More than two thousand years ago, a Spartan king resisted pressure to go to war saying, “I am less afraid of the enemy’s strategy than I am of the mistakes we will make.” Today, no one in the Baker-Hamilton Iraq Study Group would question the Spartan King’s wisdom. It is painfully obvious that in Iraq, American power defeated itself.
The notion that a Muslim Arab country with no middle class or a culture that supports the rule of law could be transformed by Westerners in short order into anything resembling an Anglo-Saxon Democracy was fundamentally flawed. But applying the “if we break it, we fix it” paradigm to Iraq, occupying and governing it directly with thousands of conventional U.S. combat troops under generals whose only strategy was brute force was even more disastrous. No nation wants foreign troops to police their country and Muslim Arabs loathe occupying Christian armies, especially brutal ones.
Any Arab, Sunni or Shiite, rebelling against such an occupation would always be able to cloak himself in nationalism, patriotism, and traditional religious values — even if they were no better than criminals. And this is precisely what happened in Arab Iraq.
But this problem shrinks to insignificance next to the strategic blunder of defaulting to “the Shiite strategy,” establishing with American military power in less than three years what the Iranian armed forces could not achieve in nearly a decade of war with Iraq: Shiite domination of Iraq’s army, police and administration.
Fearing the consequences of an Iranian-backed government in Baghdad, the Bush administration is turning to the Sunni Arab states that fear Iranian power. It makes sense. Sunni Arab leaders in Cairo, Amman and Riyadh understand that Iran aspires to be the core state of Islam, something Islam has lacked since the fall of the Ottoman Empire. For them, Shiite-dominated Iraq is a regional Frankenstein’s monster.
Unfortunately, it’s also a waste of time. Though Saudi Arabia, Jordan and Egypt have a stake in curbing Iranian influence inside Iraq, they have no interest in allying themselves with an American military occupation that is illegitimate in the eyes of the whole Muslim World. Until U.S. forces leave Iraq, cooperation with them is a non-starter.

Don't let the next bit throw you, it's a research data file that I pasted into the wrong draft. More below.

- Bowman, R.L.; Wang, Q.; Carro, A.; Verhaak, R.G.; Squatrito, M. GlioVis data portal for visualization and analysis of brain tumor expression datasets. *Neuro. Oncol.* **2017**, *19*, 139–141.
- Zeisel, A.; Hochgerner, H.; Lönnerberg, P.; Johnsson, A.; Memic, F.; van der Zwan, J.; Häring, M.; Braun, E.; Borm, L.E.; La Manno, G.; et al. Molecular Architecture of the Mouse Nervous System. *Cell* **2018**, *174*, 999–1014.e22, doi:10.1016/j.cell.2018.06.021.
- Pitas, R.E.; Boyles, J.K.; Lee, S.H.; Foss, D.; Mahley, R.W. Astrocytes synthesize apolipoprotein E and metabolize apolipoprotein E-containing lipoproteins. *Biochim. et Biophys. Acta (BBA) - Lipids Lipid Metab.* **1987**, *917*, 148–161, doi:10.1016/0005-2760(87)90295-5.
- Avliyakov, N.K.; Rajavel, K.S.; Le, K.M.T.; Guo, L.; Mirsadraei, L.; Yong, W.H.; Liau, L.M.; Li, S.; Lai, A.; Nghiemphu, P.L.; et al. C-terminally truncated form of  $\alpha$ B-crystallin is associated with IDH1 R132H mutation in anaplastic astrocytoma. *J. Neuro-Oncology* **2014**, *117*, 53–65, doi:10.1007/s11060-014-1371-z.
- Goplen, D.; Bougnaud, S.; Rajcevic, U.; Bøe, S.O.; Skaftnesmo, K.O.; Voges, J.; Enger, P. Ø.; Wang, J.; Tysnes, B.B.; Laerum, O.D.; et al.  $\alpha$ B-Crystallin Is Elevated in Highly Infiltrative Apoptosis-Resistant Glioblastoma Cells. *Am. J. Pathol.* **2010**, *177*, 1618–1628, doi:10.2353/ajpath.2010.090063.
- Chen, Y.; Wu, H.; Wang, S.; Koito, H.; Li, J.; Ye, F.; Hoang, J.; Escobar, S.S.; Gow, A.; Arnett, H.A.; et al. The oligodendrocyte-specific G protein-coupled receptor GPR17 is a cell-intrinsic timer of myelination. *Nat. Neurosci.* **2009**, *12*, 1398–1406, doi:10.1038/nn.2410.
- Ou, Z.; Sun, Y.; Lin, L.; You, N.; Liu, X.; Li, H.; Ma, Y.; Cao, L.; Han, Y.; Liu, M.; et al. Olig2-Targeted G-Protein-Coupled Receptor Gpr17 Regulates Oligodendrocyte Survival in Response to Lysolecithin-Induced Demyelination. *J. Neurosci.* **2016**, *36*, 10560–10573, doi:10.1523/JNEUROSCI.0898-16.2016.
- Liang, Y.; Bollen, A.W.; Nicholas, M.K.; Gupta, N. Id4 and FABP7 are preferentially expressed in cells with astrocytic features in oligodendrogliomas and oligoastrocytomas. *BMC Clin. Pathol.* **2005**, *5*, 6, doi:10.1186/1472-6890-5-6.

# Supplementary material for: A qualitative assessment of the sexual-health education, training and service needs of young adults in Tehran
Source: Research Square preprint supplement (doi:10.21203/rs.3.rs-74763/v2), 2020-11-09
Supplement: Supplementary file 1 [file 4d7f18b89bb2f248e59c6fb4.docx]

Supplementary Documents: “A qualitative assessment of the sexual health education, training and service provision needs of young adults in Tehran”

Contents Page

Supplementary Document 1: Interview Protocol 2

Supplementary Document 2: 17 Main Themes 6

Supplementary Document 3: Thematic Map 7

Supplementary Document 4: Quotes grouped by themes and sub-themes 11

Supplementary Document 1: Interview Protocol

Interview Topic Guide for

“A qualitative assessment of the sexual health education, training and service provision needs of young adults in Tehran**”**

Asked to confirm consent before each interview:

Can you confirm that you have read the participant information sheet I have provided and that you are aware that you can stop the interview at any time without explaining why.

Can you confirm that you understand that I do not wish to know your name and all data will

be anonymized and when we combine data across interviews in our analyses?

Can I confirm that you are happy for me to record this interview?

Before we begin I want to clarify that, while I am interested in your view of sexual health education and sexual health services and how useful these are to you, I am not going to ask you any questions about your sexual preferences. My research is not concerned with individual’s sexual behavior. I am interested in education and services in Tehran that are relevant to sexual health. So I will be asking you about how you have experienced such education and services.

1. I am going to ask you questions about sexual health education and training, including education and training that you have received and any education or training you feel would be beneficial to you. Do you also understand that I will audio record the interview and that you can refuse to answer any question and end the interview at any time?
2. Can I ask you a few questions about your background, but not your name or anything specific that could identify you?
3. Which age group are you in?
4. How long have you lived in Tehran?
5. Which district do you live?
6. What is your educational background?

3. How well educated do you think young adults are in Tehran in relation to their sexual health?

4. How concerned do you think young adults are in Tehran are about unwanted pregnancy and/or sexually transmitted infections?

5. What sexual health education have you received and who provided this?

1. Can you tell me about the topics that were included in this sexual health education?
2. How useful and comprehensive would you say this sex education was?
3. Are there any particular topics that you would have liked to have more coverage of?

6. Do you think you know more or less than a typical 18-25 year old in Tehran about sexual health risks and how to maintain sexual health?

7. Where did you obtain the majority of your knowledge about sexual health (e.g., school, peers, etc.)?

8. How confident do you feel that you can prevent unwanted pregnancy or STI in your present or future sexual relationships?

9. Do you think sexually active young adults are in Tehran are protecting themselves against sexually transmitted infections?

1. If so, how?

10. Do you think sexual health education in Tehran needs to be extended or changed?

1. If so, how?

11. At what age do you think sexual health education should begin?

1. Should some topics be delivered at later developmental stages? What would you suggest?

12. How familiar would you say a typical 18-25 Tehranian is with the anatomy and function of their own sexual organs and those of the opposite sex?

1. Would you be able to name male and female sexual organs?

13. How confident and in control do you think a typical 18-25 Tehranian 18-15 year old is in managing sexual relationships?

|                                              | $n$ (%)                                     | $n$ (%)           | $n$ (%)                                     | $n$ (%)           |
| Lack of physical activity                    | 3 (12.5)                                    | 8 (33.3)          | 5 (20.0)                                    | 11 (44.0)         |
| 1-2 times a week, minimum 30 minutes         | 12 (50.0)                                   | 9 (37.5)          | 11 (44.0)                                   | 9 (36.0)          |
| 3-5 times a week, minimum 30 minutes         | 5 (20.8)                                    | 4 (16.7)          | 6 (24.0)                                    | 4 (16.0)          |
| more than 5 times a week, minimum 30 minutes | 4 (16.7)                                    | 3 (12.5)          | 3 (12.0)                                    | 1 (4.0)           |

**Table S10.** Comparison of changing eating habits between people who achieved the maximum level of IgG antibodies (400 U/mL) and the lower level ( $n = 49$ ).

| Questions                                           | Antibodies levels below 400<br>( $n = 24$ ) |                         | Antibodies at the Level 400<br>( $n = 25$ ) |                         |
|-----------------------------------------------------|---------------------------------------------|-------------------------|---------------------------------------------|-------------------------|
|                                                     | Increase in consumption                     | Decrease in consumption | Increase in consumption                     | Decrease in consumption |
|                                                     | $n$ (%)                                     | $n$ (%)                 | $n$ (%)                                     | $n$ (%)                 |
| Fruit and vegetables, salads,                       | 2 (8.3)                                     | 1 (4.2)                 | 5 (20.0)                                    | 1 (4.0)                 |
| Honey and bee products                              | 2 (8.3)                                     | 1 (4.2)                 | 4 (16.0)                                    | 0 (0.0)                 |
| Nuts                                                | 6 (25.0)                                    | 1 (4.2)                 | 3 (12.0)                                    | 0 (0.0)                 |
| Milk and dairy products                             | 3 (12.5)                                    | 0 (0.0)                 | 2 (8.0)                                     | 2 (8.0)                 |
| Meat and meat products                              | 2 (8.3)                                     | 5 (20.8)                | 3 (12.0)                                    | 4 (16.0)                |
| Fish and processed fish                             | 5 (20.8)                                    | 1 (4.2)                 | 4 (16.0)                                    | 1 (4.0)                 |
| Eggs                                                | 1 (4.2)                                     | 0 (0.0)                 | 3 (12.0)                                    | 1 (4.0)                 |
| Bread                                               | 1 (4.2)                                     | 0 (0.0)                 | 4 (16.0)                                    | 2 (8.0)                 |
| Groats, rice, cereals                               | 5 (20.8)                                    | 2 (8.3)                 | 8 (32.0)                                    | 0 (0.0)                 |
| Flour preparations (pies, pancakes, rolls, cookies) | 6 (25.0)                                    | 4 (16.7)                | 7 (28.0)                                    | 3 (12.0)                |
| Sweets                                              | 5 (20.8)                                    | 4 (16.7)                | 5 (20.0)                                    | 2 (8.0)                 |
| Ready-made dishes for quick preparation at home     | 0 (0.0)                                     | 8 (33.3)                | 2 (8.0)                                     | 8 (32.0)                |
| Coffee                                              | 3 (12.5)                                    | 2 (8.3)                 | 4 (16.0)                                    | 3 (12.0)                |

Given these developments, disengaging from Iraq would seem imperative. But the desire on both sides of the political divide, Democratic and Republican, to conceal the true scale of the disaster created by the American military occupation of Central Iraq makes immediate withdrawal unpalatable.
Instead, politicians of all persuasions insist that for U.S. forces to simply leave Iraq and turn it over to the Arabs who live there would be a disaster for all kinds of reasons — terrorism, regional instability and the spread of weapons of mass destruction. Disengaging from Iraq, the argument goes, could lead to a replay of an August 1914-style slide into regional war.
Whether true or not, an American military force that cannot stop firefights or kidnappings on the streets of Baghdad, a force that is increasingly under attack from all sides, can do little to prevent a regional war, especially a conflict whose real issue is the Shia-Sunni struggle for control of Mecca and Medina and leadership of an Islamic movement that both Sunni and Shia Islamists believe will, once unified and purified, conquer the world.
Of course, if this is the regional war that is likely to occur, the real question is not how to stop it, but why U.S. forces should participate in it? Unless, America’s regional Sunni Arab partners ask for assistance, how would American involvement in such a conflict advance American security interests?
The answer is simple. It would not.
While Washington policymakers look for political cover on their way out of Iraq, the myth of American military omniscience and omnipotence, of limitless economic resources harnessed to a perpetual “Wilsonian crusade for democracy,” is dying in Iraq along with American soldiers, sailors, airmen and marines.
Meanwhile, knowing that nothing with American fingerprints will survive the withdrawal of U.S. forces including Iraq’s corrupt and ineffective government, the most vexing question for the Iraq Study Group is not whether anything can be done to prevent the United States from looking ridiculous when the “Green Zone” is overrun, looted and destroyed by enraged Arabs. It’s how fast we can end the U.S. and British military occupation of Iraq, an occupation that is both an enormous strategic benefit to Iran and a liability to the West and the Arab World.
Col. Douglas A. Macgregor, Ph.D., is lead partner in Potomac League, LLC. He is the author of “Breaking the Phalanx” and Transformation under Fire: Revolutionizing the Way America Fights. Macgregor served in the first Gulf War and at Supreme Headquarters Allied Powers Europe during the Kosovo Air Campaign. He was an adviser to the Department of Defense on initial Second Gulf War plans and is an expert on defense policy issues of organization and transformation.